Ocas Treaty: UK and US fight to halt international backlash

French Foreign Minister Jean-Yves Le Drian said: “Australians place themselves entirely at the mercy of US policy developments. I want our Australian partner, who chose security – justified by escalating tensions with China – To the detriment of sovereignty, it will not be known later that he has sacrificed both.”

The other selling point of the Ocus security pact – in-depth cooperation on cyber, artificial intelligence and quantum computing – is also coming under scrutiny. Morrison is keen to show that this is not a PR add-on, but a solid move. If so, it may surprise technologically advanced allies such as Japan and South Korea with their exclusion. The US had previously rejected South Korea’s request to share its nuclear propulsion technology.

This does not mean that the Ocus, no matter how hard the pains of birth, lack military logic or political support. It was legitimate for Australia, faced with China’s trade war and threats to Taiwan, to decide that its strategic needs were changing, and that France was never going to satisfy them. It wanted something that could travel great distances. It is approximately 3,500 miles from the Rann Operating Base in Perth to the South China Sea. Australia was attracted by the fact that American technology meant the nuclear reactor in the submarine would not require replacement or additional nuclear fuel over the course of decades of service. This was a significant difference with the French model. Australia would not need a large civil nuclear industry to maintain the ship.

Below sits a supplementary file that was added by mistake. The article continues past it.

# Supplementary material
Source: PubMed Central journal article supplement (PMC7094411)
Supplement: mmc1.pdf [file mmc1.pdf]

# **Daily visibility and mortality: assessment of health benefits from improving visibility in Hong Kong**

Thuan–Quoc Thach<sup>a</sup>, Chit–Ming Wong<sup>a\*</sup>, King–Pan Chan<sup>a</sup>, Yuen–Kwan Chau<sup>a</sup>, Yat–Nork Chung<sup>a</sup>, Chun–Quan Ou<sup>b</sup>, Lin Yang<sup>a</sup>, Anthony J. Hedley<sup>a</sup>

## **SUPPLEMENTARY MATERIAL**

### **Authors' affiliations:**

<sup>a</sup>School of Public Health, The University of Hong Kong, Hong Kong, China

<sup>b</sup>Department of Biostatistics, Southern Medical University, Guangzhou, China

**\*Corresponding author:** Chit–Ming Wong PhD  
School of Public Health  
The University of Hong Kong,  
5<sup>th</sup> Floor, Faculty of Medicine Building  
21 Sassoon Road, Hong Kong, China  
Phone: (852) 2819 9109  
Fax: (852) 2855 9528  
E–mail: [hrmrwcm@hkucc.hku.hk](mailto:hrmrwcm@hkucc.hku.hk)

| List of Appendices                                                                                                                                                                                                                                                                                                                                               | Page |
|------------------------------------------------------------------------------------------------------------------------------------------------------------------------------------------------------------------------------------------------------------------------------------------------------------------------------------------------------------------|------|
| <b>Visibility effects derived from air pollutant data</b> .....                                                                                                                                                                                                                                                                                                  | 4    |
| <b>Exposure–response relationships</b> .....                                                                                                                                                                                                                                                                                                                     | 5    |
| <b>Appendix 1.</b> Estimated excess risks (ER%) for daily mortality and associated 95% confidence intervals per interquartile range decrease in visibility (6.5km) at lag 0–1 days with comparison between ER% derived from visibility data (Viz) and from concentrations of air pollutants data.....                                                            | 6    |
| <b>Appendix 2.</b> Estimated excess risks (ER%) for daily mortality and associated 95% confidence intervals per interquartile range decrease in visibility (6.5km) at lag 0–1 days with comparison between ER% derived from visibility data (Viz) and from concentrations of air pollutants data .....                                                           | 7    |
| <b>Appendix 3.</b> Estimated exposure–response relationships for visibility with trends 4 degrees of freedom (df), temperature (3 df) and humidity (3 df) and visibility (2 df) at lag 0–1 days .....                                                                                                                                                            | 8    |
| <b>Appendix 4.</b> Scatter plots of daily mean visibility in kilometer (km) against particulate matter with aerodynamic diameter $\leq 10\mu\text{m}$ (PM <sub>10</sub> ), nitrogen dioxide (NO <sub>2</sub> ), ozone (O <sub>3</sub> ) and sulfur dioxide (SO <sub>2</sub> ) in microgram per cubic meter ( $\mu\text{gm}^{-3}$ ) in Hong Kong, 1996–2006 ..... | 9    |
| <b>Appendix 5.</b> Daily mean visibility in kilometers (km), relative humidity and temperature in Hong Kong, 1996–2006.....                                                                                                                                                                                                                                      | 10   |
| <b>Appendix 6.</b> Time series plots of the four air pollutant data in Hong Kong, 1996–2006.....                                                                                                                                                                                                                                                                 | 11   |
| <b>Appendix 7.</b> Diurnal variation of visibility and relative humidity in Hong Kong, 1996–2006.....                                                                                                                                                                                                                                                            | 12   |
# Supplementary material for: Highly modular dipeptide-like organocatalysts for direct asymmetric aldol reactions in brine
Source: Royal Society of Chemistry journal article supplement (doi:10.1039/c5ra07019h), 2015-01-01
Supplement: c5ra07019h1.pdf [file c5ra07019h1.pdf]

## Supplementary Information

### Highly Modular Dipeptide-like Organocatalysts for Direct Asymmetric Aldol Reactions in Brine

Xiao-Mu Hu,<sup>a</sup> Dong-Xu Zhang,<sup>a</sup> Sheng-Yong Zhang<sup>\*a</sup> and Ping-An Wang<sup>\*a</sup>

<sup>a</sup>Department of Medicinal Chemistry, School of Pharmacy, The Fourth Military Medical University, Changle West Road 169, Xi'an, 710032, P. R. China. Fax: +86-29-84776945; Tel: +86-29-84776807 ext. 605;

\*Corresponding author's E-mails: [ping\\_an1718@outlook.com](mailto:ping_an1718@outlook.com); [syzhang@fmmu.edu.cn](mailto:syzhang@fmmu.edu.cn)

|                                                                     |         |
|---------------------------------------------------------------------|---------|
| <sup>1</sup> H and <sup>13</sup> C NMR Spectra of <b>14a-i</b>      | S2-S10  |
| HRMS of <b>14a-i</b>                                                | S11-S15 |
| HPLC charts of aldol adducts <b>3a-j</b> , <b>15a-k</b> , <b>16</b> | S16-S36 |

But it also means a major shift in how Australia views the extent of its influence. “It is about pushing power to shape the security environment in which we operate,” said Arthur Sinodino, the Australian ambassador to Washington. “Working together you can change the count of countries in the region who may think that once they become a great power they can throw their weight around, and don’t have to follow any rules. Is.”

‘From order to international chaos’

France does not completely disagree with the nature of the threat from China. The Chief of Staff of the French Navy, Admiral Pierre Vandier, told France’s parliament in October: “We are in the process of moving violently, from order to international disorder. The sea is once again in the spotlight. The place common to all humanity, sometimes in defiance of agreements and alliances, has become a place, superiority, a place of competition, challenge, conflict – or disagreement, for states and organizations willing to assert themselves.

“We are watching the Chinese naval awakening. The size of the Chinese Navy increased by 138% between 2008 and 2030. My predecessor estimated that China launches the equivalent of our national fleet every four years. Ordinary Chinese Coast Guard patrol boats are actually real first class warships. They are 10,000 ton boats – they are bigger than our similar sized warships – armed with cannons. Their mission is to save the fishing fleet and even its navies have been authorized to open fire since the amendment of the law. ,

Pierre Vandier
Pierre Vandier: ‘… the sea, the common space for all humanity, has become a place for states and organizations … Photo: Patrice Copi/AFP/Getty Images

Despite France’s betrayal, Vandier also warned that it would be an error for France to mistake its true enemy.

He said: “I invite you to re-read General Day …